Infected and affected dentin are two important terms in dentistry that describe different conditions of dental tissue. Understanding the differences between these two types of dentin is crucial for dental professionals who aim to provide the best possible treatment for their patients.
Dentin is the hard, calcified tissue that makes up the bulk of a tooth. It lies beneath the protective layer of enamel and surrounds the soft inner pulp. When dentin is exposed to bacteria, it can become infected, leading to a range of dental issues. On the other hand, affected dentin refers to dentin that has been affected by decay or trauma, but has not yet become infected.
The main difference between infected and affected dentin lies in the presence of bacteria. Infected dentin contains active bacterial infection, while affected dentin may not contain live bacteria but has been exposed to them in the past. This difference is crucial for treatment planning, as infected dentin often requires more extensive treatment to remove the bacteria and restore the tooth to health.
When dental professionals diagnose a patient with infected dentin, they typically recommend more aggressive treatment options, such as root canal therapy or tooth extraction. On the other hand, affected dentin may be treated with less invasive procedures, such as dental fillings or dental bonding, depending on the extent of the damage.
In conclusion, understanding the differences between infected and affected dentin is essential in providing appropriate dental care. Dental professionals must accurately diagnose whether dentin is infected or affected in order to determine the most effective treatment plan for their patients. By addressing these conditions properly, dental professionals can help patients achieve optimal oral health and preserve their natural teeth for as long as possible.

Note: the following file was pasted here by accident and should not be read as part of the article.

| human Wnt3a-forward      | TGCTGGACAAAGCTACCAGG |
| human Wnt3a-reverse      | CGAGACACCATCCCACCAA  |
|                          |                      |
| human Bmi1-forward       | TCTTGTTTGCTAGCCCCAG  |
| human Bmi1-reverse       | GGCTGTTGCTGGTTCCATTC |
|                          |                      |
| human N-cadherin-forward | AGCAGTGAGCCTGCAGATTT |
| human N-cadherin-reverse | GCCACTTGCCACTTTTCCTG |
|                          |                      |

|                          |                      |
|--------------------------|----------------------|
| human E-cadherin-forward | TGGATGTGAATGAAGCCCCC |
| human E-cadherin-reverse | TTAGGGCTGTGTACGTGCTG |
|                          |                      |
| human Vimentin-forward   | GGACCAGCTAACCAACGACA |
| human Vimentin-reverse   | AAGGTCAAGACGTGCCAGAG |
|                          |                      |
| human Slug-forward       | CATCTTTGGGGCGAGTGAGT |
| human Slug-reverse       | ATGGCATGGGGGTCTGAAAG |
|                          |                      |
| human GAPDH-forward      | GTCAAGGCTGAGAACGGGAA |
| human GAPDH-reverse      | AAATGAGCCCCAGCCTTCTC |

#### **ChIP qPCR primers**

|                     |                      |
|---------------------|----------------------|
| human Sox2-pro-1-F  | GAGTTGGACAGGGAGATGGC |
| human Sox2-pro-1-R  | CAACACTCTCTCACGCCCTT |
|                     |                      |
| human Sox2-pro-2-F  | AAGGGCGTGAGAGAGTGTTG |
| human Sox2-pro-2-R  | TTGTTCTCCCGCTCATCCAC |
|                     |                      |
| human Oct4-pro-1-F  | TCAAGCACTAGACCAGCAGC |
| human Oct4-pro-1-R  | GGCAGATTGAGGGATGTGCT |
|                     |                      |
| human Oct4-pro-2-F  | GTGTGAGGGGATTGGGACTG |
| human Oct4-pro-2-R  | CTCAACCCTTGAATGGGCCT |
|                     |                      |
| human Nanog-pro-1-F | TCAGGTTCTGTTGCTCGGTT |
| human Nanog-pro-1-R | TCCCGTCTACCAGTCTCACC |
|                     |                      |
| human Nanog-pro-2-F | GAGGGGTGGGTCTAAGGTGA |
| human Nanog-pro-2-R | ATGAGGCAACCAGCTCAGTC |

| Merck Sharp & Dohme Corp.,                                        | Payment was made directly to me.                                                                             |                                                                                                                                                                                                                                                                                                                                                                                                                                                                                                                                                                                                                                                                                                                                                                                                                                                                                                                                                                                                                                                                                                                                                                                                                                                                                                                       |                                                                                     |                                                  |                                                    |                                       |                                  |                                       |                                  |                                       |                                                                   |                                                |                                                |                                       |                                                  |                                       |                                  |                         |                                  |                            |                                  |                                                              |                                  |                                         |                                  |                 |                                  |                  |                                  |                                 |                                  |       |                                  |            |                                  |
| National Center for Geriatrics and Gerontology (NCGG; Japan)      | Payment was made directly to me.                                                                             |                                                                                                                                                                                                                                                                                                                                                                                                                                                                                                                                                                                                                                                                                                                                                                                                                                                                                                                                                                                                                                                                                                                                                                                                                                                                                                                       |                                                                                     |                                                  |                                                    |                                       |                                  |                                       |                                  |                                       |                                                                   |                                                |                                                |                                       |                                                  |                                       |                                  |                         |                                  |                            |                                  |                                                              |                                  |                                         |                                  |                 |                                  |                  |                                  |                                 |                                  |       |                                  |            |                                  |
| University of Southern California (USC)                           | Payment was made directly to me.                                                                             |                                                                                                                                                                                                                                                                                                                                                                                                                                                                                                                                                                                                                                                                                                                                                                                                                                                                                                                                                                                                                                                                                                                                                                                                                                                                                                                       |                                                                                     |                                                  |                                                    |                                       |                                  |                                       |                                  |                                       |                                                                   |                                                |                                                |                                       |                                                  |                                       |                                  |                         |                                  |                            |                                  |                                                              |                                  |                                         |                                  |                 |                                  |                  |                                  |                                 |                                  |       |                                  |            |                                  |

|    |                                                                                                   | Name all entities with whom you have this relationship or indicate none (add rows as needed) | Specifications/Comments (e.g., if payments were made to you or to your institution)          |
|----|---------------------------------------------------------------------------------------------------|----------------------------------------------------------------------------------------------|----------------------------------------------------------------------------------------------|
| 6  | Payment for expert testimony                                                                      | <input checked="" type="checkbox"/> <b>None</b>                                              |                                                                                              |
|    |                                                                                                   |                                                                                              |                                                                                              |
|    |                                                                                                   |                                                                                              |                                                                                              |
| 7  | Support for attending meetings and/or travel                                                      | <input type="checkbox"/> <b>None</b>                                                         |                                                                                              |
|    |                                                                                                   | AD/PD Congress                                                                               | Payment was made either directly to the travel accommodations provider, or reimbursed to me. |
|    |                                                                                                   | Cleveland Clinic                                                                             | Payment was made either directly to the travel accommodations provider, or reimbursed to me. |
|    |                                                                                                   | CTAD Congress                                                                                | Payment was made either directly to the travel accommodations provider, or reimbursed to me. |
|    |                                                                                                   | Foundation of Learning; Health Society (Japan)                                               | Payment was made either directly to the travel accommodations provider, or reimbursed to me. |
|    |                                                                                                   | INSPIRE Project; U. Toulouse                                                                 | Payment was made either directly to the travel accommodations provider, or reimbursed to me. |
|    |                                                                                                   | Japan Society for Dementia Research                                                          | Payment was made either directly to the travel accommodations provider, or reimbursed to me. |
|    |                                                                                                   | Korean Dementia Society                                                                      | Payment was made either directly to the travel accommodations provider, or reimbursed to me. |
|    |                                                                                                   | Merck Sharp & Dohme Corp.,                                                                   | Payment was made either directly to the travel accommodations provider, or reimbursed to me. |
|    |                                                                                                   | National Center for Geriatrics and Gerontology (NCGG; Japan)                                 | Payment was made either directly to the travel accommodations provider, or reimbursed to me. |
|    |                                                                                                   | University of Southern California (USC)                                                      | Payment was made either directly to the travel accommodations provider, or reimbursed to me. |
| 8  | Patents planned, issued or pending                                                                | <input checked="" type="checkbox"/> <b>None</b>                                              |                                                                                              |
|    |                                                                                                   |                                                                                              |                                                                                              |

The Importance of Dentin
Dentin is a vital component of teeth, playing a crucial role in their overall structure and function. It is a hard, mineralized tissue that forms the bulk of the tooth, surrounding the softer pulp on the inside and being covered by tooth enamel on the outside.
One of the key functions of dentin is to provide support and protection to the dental pulp. The dental pulp contains nerves and blood vessels, and it is responsible for nourishing the tooth and transmitting sensory information. Without the presence of dentin, the dental pulp would be vulnerable to damage and infection.
Additionally, dentin plays a crucial role in the defense mechanisms of the tooth. When the tooth is affected by factors such as dental caries or trauma, the affected dentin undergoes a process of demineralization, leading to the formation of a porous layer known as affected dentin. This affected dentin acts as a barrier, slowing down the progression of damage towards the dental pulp and preventing the spread of infection.
Difference between Infected and Affected Dentin
Although infected dentin and affected dentin are often used interchangeably, there are significant differences between the two. Infected dentin refers to the dentin that has been invaded by bacteria and is actively undergoing decay. It is characterized by the presence of bacteria, by-products of bacterial metabolism, and inflammation. On the other hand, affected dentin refers to the dentin that has been demineralized due to external factors, such as the formation of a cavity or trauma, but does not contain bacteria or exhibit signs of active decay.
Understanding the differences between infected and affected dentin is crucial in the diagnosis and treatment of dental conditions. Proper identification of infected dentin is essential to remove all the decayed tissue and prevent the spread of infection. Similarly, affected dentin should be carefully managed to ensure that it remains a viable protective barrier and does not compromise the health of the dental pulp.
Understanding Dentin Composition
Dentin is an integral part of the tooth structure, composing the bulk of the tooth. It lies beneath the outer enamel and forms the inner layer of the tooth. Dentin consists of inorganic mineralized components, organic matrix, and water.
Infected dentin refers to dentin that is affected by bacteria, leading to decay and infection. On the other hand, affected dentin refers to dentin that has been affected by various factors, such as trauma or dental procedures.
The inorganic component of dentin is primarily hydroxyapatite crystals, which give it its hard and mineralized nature. These crystals are embedded within the organic matrix that is composed of collagen fibers. The organic matrix provides dentin with its flexibility and strength. The water content in dentin helps maintain its hydration and contributes to its overall composition.
When dentin becomes infected or affected, the composition of the dentin can be altered. Bacteria can invade the dentinal tubules, which are small channels within the dentin, leading to the destruction of the organic matrix and mineralized components. This can weaken the tooth structure and lead to further complications.